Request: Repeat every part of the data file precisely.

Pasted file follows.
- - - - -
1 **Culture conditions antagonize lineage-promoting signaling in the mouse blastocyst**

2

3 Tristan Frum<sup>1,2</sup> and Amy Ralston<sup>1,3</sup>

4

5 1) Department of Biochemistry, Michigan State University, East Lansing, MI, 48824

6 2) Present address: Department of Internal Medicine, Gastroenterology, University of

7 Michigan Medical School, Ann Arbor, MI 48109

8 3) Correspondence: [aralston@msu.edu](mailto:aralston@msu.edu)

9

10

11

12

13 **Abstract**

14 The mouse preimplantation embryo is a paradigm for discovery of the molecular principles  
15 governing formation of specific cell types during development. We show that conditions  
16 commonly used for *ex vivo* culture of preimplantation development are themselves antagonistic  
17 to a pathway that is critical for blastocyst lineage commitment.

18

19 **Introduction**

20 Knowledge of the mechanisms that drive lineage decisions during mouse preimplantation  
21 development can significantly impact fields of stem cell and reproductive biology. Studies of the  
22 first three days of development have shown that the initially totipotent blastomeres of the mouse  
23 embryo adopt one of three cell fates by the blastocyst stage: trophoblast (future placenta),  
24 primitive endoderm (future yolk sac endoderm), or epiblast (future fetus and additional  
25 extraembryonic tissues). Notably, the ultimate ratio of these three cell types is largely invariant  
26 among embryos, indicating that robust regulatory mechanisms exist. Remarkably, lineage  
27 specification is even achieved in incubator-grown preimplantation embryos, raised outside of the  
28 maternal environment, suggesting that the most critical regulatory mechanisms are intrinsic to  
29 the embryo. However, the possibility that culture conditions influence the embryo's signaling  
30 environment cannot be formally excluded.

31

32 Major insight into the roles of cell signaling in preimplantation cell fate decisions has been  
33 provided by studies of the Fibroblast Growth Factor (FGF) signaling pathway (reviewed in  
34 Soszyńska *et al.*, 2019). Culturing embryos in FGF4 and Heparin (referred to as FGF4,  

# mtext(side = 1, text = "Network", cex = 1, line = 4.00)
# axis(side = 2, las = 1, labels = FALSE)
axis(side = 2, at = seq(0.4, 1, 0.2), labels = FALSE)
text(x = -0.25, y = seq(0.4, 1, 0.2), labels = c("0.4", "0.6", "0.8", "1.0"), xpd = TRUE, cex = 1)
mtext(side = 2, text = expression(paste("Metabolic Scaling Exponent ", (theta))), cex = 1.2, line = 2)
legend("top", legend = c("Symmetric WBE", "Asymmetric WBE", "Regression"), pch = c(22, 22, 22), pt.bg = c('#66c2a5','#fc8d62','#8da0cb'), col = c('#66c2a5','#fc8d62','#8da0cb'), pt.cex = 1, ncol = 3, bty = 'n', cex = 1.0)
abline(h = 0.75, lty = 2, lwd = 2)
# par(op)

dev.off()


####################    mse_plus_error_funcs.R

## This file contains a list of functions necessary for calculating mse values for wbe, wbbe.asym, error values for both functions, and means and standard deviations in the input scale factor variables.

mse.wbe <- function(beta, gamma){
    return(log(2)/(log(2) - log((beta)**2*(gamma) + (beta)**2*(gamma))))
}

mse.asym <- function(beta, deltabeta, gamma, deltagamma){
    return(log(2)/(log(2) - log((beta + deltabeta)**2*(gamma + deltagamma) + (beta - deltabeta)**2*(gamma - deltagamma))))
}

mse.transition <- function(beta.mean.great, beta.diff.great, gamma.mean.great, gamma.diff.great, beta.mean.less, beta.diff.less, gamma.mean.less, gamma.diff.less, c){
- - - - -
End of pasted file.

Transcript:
1 **Culture conditions antagonize lineage-promoting signaling in the mouse blastocyst**

2

3 Tristan Frum<sup>1,2</sup> and Amy Ralston<sup>1,3</sup>

4

5 1) Department of Biochemistry, Michigan State University, East Lansing, MI, 48824

6 2) Present address: Department of Internal Medicine, Gastroenterology, University of

7 Michigan Medical School, Ann Arbor, MI 48109

8 3) Correspondence: [aralston@msu.edu](mailto:aralston@msu.edu)

9

10

11

12

13 **Abstract**

14 The mouse preimplantation embryo is a paradigm for discovery of the molecular principles  
15 governing formation of specific cell types during development. We show that conditions  
16 commonly used for *ex vivo* culture of preimplantation development are themselves antagonistic  
17 to a pathway that is critical for blastocyst lineage commitment.

18

19 **Introduction**

20 Knowledge of the mechanisms that drive lineage decisions during mouse preimplantation  
21 development can significantly impact fields of stem cell and reproductive biology. Studies of the  
22 first three days of development have shown that the initially totipotent blastomeres of the mouse  
23 embryo adopt one of three cell fates by the blastocyst stage: trophoblast (future placenta),  
24 primitive endoderm (future yolk sac endoderm), or epiblast (future fetus and additional  
25 extraembryonic tissues). Notably, the ultimate ratio of these three cell types is largely invariant  
26 among embryos, indicating that robust regulatory mechanisms exist. Remarkably, lineage  
27 specification is even achieved in incubator-grown preimplantation embryos, raised outside of the  
28 maternal environment, suggesting that the most critical regulatory mechanisms are intrinsic to  
29 the embryo. However, the possibility that culture conditions influence the embryo's signaling  
30 environment cannot be formally excluded.

31

32 Major insight into the roles of cell signaling in preimplantation cell fate decisions has been  
33 provided by studies of the Fibroblast Growth Factor (FGF) signaling pathway (reviewed in  
34 Soszyńska *et al.*, 2019). Culturing embryos in FGF4 and Heparin (referred to as FGF4,  

# mtext(side = 1, text = "Network", cex = 1, line = 4.00)
# axis(side = 2, las = 1, labels = FALSE)
axis(side = 2, at = seq(0.4, 1, 0.2), labels = FALSE)
text(x = -0.25, y = seq(0.4, 1, 0.2), labels = c("0.4", "0.6", "0.8", "1.0"), xpd = TRUE, cex = 1)
mtext(side = 2, text = expression(paste("Metabolic Scaling Exponent ", (theta))), cex = 1.2, line = 2)
legend("top", legend = c("Symmetric WBE", "Asymmetric WBE", "Regression"), pch = c(22, 22, 22), pt.bg = c('#66c2a5','#fc8d62','#8da0cb'), col = c('#66c2a5','#fc8d62','#8da0cb'), pt.cex = 1, ncol = 3, bty = 'n', cex = 1.0)
abline(h = 0.75, lty = 2, lwd = 2)
# par(op)

dev.off()


####################    mse_plus_error_funcs.R

## This file contains a list of functions necessary for calculating mse values for wbe, wbbe.asym, error values for both functions, and means and standard deviations in the input scale factor variables.

mse.wbe <- function(beta, gamma){
    return(log(2)/(log(2) - log((beta)**2*(gamma) + (beta)**2*(gamma))))
}

mse.asym <- function(beta, deltabeta, gamma, deltagamma){
    return(log(2)/(log(2) - log((beta + deltabeta)**2*(gamma + deltagamma) + (beta - deltabeta)**2*(gamma - deltagamma))))
}

mse.transition <- function(beta.mean.great, beta.diff.great, gamma.mean.great, gamma.diff.great, beta.mean.less, beta.diff.less, gamma.mean.less, gamma.diff.less, c){